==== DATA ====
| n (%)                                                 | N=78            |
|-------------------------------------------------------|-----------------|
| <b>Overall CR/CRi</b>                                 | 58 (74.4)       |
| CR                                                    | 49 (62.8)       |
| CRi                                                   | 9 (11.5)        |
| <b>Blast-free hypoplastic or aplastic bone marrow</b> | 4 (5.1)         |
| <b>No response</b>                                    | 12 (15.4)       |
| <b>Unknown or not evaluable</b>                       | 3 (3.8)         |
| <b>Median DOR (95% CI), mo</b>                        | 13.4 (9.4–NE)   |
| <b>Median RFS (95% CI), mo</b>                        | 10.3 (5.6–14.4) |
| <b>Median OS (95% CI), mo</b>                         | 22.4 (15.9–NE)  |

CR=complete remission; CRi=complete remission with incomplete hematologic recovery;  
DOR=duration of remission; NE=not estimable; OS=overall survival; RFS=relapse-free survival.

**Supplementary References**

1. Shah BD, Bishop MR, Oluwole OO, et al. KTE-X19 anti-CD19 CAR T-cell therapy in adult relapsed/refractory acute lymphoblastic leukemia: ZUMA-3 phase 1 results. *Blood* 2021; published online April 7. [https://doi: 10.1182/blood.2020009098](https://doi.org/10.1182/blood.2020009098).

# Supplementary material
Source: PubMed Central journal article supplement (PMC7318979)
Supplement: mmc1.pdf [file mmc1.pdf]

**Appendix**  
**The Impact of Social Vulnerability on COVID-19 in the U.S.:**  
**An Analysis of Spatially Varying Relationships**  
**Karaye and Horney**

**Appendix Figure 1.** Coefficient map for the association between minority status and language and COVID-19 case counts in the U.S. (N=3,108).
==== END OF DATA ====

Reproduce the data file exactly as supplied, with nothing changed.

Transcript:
| n (%)                                                 | N=78            |
|-------------------------------------------------------|-----------------|
| <b>Overall CR/CRi</b>                                 | 58 (74.4)       |
| CR                                                    | 49 (62.8)       |
| CRi                                                   | 9 (11.5)        |
| <b>Blast-free hypoplastic or aplastic bone marrow</b> | 4 (5.1)         |
| <b>No response</b>                                    | 12 (15.4)       |
| <b>Unknown or not evaluable</b>                       | 3 (3.8)         |
| <b>Median DOR (95% CI), mo</b>                        | 13.4 (9.4–NE)   |
| <b>Median RFS (95% CI), mo</b>                        | 10.3 (5.6–14.4) |
| <b>Median OS (95% CI), mo</b>                         | 22.4 (15.9–NE)  |

CR=complete remission; CRi=complete remission with incomplete hematologic recovery;  
DOR=duration of remission; NE=not estimable; OS=overall survival; RFS=relapse-free survival.

**Supplementary References**

1. Shah BD, Bishop MR, Oluwole OO, et al. KTE-X19 anti-CD19 CAR T-cell therapy in adult relapsed/refractory acute lymphoblastic leukemia: ZUMA-3 phase 1 results. *Blood* 2021; published online April 7. [https://doi: 10.1182/blood.2020009098](https://doi.org/10.1182/blood.2020009098).

# Supplementary material
Source: PubMed Central journal article supplement (PMC7318979)
Supplement: mmc1.pdf [file mmc1.pdf]

**Appendix**  
**The Impact of Social Vulnerability on COVID-19 in the U.S.:**  
**An Analysis of Spatially Varying Relationships**  
**Karaye and Horney**

**Appendix Figure 1.** Coefficient map for the association between minority status and language and COVID-19 case counts in the U.S. (N=3,108).